Iceland is known as the Nordic Tiger because of rapid economic growth. Much of the nation's prosperity is the result of free-market policies, including a 36 percent flat tax on labor income, a 10 percent flat tax on capital income, and a corporate tax rate of just 18 percent (down from 50 percent at the end of the 1980s). But Iceland is not resting on its laurels. The government has just announced a reduction in the corporate tax rate:
The corporate income tax will be cut from 18 per cent to 15 per cent, effective for the 2008 income year and come into force in the 2009 assessment year.
Meanwhile, even though the 25 percent corporate tax rate in Taiwan is already substantially lower than the 39 percent-plus rate in the United States, Taiwanese politicians apparently recognize that globalization and tax competition are powerful arguments for even lower rates. Tax-news.com is reporting that the government therefore plans to slash the corporate rate to 17.5 percent - and also make unspecified reductions to personal income tax rates:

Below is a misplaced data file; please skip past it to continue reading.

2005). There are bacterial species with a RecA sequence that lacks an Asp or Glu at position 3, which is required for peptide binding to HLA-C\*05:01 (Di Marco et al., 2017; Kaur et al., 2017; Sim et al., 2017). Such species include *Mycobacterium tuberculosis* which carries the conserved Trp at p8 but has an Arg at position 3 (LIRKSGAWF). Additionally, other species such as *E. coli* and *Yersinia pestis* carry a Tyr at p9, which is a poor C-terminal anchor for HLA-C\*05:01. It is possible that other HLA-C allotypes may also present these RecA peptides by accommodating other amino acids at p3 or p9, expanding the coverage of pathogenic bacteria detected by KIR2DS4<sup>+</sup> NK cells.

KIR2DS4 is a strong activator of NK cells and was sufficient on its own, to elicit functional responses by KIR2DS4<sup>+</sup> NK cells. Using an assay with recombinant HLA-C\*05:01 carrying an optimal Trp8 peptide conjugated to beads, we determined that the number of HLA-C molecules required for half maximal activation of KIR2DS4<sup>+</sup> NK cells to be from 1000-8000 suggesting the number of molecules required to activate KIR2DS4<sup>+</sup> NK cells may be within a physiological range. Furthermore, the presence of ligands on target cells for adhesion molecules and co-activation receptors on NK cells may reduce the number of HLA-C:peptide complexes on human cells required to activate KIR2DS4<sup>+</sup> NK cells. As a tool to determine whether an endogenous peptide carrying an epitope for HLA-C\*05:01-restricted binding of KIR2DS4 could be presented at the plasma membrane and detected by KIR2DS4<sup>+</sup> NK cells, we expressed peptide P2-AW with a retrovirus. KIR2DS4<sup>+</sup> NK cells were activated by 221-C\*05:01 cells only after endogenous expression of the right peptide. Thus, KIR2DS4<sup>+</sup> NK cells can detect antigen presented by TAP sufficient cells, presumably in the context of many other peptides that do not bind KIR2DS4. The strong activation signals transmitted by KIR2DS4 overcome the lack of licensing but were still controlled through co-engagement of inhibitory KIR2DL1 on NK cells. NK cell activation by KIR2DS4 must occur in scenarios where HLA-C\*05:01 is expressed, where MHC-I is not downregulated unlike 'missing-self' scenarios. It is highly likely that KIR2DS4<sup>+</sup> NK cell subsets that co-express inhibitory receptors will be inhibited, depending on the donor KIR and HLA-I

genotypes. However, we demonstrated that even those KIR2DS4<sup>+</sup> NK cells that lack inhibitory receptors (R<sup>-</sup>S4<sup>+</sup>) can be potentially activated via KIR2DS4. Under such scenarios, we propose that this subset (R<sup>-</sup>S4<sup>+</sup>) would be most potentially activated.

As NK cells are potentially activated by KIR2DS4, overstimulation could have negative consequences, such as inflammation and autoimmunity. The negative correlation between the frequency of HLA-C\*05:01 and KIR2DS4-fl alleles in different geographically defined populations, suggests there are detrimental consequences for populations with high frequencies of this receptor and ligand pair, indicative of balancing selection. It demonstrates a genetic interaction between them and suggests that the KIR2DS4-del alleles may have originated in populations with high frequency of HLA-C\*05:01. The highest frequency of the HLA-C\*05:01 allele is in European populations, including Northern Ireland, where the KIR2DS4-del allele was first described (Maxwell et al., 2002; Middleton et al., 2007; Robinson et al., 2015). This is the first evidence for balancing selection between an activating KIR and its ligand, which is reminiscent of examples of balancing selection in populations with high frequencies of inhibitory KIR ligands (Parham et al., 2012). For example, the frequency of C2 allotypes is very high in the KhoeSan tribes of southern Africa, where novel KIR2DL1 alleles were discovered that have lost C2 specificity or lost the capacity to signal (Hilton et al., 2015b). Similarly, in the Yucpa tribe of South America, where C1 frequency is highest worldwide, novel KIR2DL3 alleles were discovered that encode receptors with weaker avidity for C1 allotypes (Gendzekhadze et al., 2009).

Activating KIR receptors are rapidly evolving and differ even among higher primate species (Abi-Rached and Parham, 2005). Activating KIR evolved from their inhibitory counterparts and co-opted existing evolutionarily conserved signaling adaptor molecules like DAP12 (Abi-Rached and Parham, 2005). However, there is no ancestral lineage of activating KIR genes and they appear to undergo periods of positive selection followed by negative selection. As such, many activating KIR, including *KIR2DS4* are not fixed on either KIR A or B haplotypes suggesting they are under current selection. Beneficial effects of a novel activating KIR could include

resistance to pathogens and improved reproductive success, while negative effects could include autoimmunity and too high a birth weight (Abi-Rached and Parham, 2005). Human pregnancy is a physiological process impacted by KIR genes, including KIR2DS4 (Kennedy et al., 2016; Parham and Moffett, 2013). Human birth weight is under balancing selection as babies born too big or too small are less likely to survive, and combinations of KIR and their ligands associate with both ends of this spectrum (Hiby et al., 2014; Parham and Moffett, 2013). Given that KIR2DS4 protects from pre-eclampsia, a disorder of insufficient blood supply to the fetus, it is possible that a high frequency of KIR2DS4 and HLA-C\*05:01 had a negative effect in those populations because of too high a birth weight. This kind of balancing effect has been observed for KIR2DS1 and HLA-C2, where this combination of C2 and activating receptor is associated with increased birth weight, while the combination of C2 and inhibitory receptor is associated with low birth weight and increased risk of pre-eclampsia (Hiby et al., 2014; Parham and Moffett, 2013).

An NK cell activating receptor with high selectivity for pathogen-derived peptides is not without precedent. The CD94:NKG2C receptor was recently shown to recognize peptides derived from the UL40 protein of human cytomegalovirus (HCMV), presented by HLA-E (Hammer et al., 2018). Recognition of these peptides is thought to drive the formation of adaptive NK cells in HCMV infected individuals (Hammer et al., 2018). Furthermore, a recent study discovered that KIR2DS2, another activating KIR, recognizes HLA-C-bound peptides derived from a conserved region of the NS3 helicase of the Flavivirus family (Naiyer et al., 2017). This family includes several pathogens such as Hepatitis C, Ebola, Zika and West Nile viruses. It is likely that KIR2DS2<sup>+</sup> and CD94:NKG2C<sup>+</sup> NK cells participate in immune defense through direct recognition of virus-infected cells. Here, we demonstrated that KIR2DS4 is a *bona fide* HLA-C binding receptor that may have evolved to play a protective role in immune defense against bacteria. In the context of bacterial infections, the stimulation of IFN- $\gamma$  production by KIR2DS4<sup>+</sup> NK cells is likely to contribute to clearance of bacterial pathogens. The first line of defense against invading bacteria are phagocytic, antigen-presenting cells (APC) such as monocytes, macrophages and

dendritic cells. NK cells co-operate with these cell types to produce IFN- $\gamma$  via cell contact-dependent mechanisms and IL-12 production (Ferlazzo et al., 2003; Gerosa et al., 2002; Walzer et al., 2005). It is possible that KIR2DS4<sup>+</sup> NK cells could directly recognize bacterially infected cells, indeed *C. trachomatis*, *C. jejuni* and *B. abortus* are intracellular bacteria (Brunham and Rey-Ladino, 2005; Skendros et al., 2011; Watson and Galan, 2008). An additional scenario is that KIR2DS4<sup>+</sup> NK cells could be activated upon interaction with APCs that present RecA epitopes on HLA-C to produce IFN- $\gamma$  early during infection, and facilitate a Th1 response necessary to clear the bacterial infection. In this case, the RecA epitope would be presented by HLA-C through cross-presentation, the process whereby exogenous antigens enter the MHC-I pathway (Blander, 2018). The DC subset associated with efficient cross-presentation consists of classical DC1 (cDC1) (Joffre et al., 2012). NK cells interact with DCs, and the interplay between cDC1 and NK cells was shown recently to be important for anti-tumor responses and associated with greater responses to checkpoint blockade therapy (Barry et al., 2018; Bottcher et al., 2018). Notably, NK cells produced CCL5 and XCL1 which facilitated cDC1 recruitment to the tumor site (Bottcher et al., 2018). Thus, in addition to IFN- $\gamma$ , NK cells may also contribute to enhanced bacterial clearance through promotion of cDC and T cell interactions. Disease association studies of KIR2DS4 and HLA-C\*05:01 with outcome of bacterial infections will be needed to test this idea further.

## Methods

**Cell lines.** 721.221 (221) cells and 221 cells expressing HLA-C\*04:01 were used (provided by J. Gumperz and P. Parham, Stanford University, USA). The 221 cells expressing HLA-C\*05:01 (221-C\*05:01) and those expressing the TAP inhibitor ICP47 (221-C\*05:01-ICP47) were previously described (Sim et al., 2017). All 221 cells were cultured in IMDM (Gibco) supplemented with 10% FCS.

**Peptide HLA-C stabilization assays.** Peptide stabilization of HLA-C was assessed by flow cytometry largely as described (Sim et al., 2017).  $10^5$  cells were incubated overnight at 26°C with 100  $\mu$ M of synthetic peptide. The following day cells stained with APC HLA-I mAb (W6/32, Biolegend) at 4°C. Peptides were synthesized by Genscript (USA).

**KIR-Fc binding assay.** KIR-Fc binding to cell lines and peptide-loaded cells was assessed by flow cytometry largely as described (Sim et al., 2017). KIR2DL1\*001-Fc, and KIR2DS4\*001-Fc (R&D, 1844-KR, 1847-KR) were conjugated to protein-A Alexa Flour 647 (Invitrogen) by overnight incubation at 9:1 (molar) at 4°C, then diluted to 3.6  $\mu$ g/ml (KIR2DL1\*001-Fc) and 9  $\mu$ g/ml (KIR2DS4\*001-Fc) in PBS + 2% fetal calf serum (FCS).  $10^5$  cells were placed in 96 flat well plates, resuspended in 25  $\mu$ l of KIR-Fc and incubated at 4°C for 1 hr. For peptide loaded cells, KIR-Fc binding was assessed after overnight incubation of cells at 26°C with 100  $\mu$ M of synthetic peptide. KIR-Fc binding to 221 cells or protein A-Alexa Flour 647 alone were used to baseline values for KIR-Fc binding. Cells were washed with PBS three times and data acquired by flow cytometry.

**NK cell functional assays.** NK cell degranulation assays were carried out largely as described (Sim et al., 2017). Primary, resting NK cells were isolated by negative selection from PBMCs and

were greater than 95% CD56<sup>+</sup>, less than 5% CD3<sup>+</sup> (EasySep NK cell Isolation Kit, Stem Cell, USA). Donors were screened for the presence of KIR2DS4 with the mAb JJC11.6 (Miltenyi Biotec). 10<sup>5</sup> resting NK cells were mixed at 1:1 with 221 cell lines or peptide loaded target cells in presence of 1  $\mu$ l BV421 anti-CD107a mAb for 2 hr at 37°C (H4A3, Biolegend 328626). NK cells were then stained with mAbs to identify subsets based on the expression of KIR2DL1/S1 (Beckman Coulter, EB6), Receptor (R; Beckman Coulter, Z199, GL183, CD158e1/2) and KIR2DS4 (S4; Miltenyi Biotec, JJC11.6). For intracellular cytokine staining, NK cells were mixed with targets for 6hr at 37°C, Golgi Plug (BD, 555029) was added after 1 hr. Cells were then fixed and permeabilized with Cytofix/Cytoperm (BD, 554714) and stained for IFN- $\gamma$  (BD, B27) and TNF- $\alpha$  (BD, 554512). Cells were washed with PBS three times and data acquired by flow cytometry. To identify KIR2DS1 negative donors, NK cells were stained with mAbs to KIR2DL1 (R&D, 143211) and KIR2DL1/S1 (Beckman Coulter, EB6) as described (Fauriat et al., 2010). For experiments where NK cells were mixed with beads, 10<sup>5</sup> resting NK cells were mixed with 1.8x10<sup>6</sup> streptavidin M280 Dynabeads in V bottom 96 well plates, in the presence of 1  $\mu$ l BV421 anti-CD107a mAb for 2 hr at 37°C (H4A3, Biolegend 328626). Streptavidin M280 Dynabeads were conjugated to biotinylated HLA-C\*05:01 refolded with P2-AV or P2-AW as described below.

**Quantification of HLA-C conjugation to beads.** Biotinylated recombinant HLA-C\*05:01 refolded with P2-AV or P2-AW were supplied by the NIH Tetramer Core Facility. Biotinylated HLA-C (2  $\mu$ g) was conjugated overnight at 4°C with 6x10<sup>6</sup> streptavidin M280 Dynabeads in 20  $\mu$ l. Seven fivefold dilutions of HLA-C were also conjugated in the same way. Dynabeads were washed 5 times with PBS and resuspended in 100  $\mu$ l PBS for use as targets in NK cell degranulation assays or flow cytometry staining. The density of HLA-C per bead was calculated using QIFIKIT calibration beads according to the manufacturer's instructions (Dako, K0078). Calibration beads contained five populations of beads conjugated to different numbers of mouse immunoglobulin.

It emerged this week that the Taiwanese cabinet has approved plans to reduce corporate and personal income tax rates, although the proposed changes must still secure parliamentary approval. The cuts would see the business tax rate reduced to 17.5% (from 25%), and the personal income tax rate slashed, according to reports. No timetable has yet been announced for the introduction of the new lower rates, but according to the International Herald Tribune, ministries likely to be affected by the changes have been asked to revise legislation to accommodate the new rates as soon as possible.
When will American politicians hop on the tax-cutting bandwagon?